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Making Sense of MRI Reports

Definitions of commonly used words in the MRI report


Updated May 23, 2014

MRI reports are filled with complex language and can be difficult to understand. If you are having trouble reading a MRI report, look through the following list of common used words to help your understanding. Also review some common findings of MRIs of the knee.
  • Signal
    A MRI uses a strong magnet to produce an image of the knee joint. For information about how a MRI works, click here. The image that the MRI creates looks black, white, and all shades of grey. This different shade is called "signal." High signal is a white appearing shade, and low signal is a dark shade. The radiologist and orthopedist use these signal characteristics to determine if the appearance in normal or abnormal.

  • Edema
    Edema is another word for swelling and is indicative of injury to an area. Edema is commonly seen around an area that has sustained an injury. Therefore, the structure may appear normal, but the edema may show where the injury is located. Edema may be seen within a bone (a "bone bruise") or within the soft-tissues.

  • Sequence
    MRI machines use different sequences to help show different types of injuries. Common MRI sequences include T1 and T2 images, and sometimes notations such as "spin," "echo," and "STIR," will be used. These don't really matter for understanding the report; rather they are used by the radiologist to communicate which images show a characteristic finding, and how these images were obtained.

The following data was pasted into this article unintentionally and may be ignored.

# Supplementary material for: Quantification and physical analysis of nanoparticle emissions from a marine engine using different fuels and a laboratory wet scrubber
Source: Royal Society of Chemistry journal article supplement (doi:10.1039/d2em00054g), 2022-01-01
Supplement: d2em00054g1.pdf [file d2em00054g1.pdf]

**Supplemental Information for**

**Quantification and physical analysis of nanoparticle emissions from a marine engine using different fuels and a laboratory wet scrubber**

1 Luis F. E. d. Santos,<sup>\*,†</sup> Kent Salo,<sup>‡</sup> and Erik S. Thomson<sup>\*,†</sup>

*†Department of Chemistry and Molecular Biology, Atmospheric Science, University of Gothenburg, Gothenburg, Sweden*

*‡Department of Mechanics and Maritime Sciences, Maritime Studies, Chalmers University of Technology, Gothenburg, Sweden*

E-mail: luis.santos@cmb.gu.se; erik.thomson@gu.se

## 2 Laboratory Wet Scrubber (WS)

• Bone Bruise
    A bone bruise is an area of bone that has been injured and has swelling, or edema, within the bone. This is a sign that the bone has been injured sufficiently to have inflammation within the bone itself. Specific bone bruises may not require any treatment themselves, but may be a sign of other injuries such as an ACL tear.

  • Anterior or Posterior Horn
    The anterior and posterior horns of the meniscus help the radiologist communicate where in the meniscus he or she sees an abnormality. The anterior horn of the meniscus is in the front of the knee, and the posterior horn is in back. The posterior horn of the meniscus is more commonly injured.
These are just some of the commonly used words in a MRI report. MRI reports are written for the radiologist to communicate with the orthopedist (and other physicians). Without medical school and residency training, it can be difficult to understand these reports, so do not be discouraged! Discuss the MRI findings with your doctor. He or she can explain both what the findings mean, and whether or not the findings are significant.

Keep in mind, the MRI report may indicate findings that are not necessarily "normal," but that does not mean those findings are causing your problem. The MRI must be used in association with the physical examination, history of injury, and other studies, in order to determine a proper treatment plan.

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  5. Finding The Cause
  6. Imaging the Knee
  7. Understanding MRI Reports

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